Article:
Cooperation and collaboration are key in project management. The team should be a cohesive unit organised around a common goal. Project team members should be able to trust each other to make decisions without wasting time.
Collaboration with all stakeholders is required: be sure to involve all the relevant people to gather feedback along the development process, especially from your client.
4. Never compromise quality
Quality shouldn’t be used as a variable to adapt to unforeseen circumstances. It should be a standard to uphold at all times. Everyone should agree on quality standards and adhere to them throughout the project.
DSDM emphasises continual improvement: the level of quality should be checked and reviewed over the course of the development cycle, not only at the end.
5. Build incrementally from firm foundations
Just like other agile approaches such as the Scrum method, DSDM focuses on delivering value early and building on the progress made at each step. Though carefully determining the scope of the project and project needs at the start of the project ensures everyone has a common vision, releasing new features early allows to check the project is always headed in the right direction without wasting time on details.
6. Develop iteratively
Development should be based on an iterative approach: new features are released and tested throughout the project, and then tweaked in later releases according to the feedback provided by the client and testers. Experimentation is encouraged and value is created release after release.
7. Communicate continuously and clearly
Communicating with stakeholders can make or break a project. It allows you to manage their expectations and ensure no obstacles will be encountered down the road. Internal communication within the project team is also essential: DSDM advocates for daily stand-up meetings, simple documentation and workshops to foster informal interaction.
8. Demonstrate control
Staying in control of your project means being able to track and monitor its progress using relevant, accurate Key Performance Indicators (KPIs). Review what went wrong to learn or share best practices, and be proactive by letting everyone know what progress the team has made.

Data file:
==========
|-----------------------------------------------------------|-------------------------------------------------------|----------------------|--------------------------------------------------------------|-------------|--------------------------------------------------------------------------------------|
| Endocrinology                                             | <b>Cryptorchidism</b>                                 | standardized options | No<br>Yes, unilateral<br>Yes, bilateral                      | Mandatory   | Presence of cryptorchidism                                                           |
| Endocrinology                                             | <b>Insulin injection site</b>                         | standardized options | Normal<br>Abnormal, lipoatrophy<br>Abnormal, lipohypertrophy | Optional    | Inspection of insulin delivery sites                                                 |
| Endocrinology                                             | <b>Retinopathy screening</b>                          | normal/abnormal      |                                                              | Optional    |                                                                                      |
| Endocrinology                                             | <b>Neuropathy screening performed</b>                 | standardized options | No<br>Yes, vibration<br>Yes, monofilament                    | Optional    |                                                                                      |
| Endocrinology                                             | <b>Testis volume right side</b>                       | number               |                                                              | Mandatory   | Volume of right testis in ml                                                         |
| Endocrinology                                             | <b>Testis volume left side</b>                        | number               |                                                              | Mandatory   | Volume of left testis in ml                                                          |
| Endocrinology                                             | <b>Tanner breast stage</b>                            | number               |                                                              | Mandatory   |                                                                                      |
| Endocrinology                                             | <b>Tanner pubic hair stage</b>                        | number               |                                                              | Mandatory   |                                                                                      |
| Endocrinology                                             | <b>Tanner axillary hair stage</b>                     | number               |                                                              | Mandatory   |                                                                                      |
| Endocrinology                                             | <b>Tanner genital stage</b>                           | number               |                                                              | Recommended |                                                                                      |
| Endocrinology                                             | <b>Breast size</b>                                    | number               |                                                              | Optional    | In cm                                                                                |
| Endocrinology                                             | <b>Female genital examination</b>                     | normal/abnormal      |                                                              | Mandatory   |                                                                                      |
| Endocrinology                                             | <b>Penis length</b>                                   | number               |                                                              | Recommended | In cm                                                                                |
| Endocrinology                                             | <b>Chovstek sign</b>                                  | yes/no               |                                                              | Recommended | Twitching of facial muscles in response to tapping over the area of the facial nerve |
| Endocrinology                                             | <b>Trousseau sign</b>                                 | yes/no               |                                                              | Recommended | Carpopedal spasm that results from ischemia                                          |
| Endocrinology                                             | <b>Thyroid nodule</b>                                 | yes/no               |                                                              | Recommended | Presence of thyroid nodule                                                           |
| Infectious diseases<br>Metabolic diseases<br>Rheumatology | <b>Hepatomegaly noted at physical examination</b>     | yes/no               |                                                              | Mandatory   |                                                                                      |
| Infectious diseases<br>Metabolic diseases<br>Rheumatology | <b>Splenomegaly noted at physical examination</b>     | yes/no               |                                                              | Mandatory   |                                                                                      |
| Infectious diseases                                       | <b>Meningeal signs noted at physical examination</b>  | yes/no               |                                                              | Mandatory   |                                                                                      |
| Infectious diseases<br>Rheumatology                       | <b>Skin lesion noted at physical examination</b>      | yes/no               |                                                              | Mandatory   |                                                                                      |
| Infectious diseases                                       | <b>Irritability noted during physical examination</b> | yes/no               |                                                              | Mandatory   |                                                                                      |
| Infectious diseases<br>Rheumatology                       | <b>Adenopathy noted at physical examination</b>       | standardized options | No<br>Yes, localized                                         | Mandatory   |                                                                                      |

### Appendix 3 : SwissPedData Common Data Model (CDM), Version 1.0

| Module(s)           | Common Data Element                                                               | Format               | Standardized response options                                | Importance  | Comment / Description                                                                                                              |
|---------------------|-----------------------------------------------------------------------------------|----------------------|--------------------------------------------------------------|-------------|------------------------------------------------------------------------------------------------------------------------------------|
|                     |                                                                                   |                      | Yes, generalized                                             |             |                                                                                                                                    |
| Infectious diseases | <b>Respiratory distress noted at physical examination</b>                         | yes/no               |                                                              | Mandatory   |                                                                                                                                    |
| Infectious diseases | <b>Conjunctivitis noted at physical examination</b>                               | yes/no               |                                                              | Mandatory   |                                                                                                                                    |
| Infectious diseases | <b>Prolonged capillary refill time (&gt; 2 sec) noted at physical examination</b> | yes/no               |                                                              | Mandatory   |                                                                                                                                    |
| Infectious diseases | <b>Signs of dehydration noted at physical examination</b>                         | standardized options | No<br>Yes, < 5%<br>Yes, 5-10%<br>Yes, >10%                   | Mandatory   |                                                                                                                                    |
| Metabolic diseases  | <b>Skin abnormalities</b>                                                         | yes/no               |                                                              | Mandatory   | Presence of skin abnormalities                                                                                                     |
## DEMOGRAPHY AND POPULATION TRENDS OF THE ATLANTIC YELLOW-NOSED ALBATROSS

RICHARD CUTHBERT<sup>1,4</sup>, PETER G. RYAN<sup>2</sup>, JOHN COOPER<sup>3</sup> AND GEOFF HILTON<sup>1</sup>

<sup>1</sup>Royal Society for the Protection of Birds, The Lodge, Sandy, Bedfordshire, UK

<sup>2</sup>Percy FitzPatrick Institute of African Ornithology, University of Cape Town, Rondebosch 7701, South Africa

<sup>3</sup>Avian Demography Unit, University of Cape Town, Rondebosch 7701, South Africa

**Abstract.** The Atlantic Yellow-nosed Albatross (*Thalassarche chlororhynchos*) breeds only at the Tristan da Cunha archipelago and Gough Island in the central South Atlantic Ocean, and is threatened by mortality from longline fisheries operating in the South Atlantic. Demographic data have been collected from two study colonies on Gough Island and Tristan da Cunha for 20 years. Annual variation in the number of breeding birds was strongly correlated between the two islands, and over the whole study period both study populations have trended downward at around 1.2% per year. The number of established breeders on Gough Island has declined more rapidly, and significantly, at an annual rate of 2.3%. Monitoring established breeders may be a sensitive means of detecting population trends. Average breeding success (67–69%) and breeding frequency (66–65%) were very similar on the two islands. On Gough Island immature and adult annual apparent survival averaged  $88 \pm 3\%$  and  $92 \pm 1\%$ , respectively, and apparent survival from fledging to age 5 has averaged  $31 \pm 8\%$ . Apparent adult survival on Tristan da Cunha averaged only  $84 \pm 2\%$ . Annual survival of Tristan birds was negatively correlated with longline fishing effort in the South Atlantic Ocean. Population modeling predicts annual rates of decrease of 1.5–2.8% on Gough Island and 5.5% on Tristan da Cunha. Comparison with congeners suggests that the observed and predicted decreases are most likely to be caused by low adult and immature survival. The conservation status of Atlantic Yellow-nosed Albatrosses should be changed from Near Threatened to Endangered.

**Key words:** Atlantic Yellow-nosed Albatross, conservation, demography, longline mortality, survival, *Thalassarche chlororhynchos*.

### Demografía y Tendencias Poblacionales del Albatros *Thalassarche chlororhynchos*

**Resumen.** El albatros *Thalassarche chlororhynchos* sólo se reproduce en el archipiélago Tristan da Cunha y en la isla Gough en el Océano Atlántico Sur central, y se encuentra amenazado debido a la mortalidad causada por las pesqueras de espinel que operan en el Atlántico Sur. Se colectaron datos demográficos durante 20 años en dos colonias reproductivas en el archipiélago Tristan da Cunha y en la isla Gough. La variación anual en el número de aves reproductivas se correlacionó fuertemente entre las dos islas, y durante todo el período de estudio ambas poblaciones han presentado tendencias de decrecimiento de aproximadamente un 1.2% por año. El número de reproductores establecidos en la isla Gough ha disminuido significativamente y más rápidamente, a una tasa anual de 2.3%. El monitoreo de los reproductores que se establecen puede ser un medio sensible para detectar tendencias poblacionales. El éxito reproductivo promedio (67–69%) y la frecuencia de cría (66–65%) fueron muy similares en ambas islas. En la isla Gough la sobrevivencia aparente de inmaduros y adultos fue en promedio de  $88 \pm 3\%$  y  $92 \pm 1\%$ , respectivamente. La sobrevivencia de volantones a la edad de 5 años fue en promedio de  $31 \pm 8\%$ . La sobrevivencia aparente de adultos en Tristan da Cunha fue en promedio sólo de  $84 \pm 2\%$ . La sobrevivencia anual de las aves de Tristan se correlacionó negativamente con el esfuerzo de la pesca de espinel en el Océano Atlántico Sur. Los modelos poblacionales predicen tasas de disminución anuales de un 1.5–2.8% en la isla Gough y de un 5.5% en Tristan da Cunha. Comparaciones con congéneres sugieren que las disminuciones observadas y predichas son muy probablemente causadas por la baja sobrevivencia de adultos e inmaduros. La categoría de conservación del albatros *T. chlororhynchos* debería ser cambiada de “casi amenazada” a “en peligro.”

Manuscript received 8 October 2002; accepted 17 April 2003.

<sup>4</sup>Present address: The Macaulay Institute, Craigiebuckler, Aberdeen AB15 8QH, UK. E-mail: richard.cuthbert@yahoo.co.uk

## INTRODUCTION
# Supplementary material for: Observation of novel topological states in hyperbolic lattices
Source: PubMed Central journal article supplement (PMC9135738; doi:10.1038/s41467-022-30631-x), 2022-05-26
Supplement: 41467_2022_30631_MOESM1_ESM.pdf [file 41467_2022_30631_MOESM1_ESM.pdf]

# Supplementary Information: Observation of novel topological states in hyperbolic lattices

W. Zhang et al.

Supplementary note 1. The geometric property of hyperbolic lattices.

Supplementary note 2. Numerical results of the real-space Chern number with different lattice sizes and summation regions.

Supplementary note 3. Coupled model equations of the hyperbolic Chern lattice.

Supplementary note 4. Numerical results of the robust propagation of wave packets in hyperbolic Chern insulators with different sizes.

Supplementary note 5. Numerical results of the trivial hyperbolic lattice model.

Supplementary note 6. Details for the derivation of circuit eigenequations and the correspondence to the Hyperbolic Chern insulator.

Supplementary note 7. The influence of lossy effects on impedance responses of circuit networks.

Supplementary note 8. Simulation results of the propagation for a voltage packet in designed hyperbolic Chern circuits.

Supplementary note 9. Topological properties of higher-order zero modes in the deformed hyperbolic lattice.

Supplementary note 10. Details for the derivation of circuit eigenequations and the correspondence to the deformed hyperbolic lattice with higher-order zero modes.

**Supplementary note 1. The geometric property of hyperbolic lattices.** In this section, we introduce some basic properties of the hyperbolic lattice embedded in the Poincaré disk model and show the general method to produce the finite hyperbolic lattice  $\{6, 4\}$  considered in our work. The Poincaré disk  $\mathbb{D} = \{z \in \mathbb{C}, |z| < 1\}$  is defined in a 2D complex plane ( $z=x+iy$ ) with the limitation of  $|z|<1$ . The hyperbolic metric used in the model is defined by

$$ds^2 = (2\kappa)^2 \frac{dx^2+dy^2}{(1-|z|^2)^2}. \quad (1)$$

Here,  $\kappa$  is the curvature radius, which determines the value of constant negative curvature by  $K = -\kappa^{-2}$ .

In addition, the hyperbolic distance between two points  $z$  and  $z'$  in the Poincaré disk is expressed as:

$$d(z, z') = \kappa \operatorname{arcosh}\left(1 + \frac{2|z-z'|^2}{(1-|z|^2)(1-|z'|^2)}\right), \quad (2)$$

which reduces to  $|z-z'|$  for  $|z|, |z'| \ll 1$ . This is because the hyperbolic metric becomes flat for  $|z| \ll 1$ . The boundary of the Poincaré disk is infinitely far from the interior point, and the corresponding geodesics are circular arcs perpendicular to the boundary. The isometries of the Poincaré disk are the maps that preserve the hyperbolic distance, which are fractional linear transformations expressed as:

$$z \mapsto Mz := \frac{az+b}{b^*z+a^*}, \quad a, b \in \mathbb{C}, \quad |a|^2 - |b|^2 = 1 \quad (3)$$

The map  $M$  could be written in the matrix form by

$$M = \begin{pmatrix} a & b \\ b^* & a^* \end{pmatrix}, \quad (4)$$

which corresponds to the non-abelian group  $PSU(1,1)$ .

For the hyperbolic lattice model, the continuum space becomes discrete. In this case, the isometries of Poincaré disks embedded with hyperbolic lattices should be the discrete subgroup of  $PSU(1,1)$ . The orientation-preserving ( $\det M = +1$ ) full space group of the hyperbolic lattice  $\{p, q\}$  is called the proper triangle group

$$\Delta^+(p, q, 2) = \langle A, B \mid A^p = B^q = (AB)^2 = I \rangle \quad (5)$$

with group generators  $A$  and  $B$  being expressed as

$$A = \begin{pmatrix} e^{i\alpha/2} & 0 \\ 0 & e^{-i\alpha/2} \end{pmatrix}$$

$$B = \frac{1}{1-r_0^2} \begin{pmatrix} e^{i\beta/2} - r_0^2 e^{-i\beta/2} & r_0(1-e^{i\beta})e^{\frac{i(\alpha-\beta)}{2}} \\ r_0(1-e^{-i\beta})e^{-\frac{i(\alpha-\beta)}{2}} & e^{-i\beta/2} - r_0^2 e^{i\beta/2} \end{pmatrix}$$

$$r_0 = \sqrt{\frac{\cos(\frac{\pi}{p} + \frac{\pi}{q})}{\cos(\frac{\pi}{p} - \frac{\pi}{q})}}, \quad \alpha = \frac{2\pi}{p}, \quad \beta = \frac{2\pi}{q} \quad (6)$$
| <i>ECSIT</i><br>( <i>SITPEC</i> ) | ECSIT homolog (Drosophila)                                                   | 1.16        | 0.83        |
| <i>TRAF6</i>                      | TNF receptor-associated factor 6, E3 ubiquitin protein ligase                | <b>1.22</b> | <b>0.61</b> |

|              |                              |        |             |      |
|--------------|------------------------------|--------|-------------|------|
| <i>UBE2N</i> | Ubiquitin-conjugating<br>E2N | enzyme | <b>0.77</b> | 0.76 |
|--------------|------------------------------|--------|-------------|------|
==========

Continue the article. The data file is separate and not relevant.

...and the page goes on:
DSDM vs Scrum
If you’re already familiar with other agile project management frameworks, these principles may sound familiar. Both the Scrum methodology and DSDM emphasise the importance of incremental improvements and iterative releases.
The difference between DSDM and Scrum is that DSDM is a more comprehensive approach to project management, as it includes a wide range of roles that encompass project governance, whereas Scrum is mostly focused on the operational team.
DSDM exams and Agile certifications
Do you aspire to become a team leader trained in Agile to deliver high-quality results? To hone your skills and prove your knowledge, you may want to consider taking specific examinations. These will help you become a recognised DSDM practitioner and take on a greater level of responsibility.
You can choose from a range of organisations habilitated to deliver such labels, which includes AgilePM®, AgileBA®, APMG or the Scrum Master certification delivered by the Agile Business Consortium.
Ready to lead DSDM projects?
As one of the first standardised agile frameworks, DSDM has revolutionised software development and announced the rise to other approaches such as the Scrum methodology.
Today, as businesses evolve in a more competitive environment and the need to be more agile is felt across all industries, it has become a widely used project management methodology. Has your business embraced agile yet?